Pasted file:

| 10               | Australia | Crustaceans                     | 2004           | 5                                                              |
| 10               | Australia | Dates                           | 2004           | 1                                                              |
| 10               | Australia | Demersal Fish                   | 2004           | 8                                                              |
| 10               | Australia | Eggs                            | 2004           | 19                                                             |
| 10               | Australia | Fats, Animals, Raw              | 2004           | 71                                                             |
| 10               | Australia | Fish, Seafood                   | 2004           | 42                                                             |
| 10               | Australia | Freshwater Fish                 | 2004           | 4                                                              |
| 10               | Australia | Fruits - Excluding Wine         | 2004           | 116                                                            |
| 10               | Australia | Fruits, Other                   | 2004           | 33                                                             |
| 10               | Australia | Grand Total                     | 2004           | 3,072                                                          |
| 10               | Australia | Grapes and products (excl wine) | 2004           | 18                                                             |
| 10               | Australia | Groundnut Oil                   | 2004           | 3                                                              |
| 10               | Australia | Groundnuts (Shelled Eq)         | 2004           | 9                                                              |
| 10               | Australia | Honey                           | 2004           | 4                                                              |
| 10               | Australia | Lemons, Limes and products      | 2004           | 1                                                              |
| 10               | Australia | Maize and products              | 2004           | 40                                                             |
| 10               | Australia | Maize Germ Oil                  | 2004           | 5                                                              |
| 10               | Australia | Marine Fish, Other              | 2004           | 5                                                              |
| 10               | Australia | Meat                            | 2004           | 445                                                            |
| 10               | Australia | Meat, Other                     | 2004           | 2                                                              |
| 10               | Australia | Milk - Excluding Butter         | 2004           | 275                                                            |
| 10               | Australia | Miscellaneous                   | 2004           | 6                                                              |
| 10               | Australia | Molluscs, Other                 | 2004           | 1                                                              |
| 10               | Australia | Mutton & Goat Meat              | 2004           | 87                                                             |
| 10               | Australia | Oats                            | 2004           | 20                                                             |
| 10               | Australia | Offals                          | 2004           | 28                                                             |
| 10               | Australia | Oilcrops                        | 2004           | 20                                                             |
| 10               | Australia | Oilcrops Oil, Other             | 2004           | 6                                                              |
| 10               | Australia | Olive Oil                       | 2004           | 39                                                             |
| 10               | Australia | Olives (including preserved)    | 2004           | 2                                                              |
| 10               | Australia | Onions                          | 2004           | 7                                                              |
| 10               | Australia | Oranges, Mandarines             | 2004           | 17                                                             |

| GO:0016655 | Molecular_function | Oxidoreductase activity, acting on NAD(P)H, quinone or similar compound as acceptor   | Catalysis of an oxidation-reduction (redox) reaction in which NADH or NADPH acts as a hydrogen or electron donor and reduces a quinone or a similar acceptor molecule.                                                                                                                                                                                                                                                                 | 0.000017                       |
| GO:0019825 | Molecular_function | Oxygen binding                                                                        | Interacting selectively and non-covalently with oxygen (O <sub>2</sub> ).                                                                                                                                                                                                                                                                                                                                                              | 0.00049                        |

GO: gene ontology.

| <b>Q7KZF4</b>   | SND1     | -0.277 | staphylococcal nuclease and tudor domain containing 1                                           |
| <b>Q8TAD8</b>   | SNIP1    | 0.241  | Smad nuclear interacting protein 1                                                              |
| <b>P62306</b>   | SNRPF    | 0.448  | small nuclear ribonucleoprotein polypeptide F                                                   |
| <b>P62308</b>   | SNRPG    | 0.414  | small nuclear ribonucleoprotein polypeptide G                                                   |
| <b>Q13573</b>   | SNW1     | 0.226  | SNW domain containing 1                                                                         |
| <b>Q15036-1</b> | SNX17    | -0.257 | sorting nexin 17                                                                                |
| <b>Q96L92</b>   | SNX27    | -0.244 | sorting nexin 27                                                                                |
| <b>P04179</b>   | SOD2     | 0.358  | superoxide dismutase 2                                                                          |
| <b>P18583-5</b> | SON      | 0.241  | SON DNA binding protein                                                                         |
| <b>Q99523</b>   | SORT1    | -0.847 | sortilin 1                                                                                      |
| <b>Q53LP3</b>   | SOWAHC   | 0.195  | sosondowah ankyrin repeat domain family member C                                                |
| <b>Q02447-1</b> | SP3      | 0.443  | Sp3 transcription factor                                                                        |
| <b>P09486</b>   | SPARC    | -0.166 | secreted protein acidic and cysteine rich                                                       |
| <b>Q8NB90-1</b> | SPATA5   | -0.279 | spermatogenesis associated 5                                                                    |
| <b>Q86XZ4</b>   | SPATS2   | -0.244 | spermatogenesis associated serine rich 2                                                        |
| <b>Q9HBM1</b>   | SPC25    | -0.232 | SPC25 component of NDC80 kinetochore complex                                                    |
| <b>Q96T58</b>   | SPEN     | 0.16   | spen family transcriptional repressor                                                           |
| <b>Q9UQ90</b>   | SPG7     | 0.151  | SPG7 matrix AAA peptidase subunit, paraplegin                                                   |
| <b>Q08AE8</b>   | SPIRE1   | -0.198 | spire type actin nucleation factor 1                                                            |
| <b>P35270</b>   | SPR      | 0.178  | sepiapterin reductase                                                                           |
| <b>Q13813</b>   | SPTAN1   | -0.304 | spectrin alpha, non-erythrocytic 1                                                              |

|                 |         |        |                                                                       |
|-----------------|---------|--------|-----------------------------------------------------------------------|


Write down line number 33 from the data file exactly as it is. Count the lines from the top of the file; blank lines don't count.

| GO:0016655 | Molecular_function | Oxidoreductase activity, acting on NAD(P)H, quinone or similar compound as acceptor   | Catalysis of an oxidation-reduction (redox) reaction in which NADH or NADPH acts as a hydrogen or electron donor and reduces a quinone or a similar acceptor molecule.                                                                                                                                                                                                                                                                 | 0.000017                       |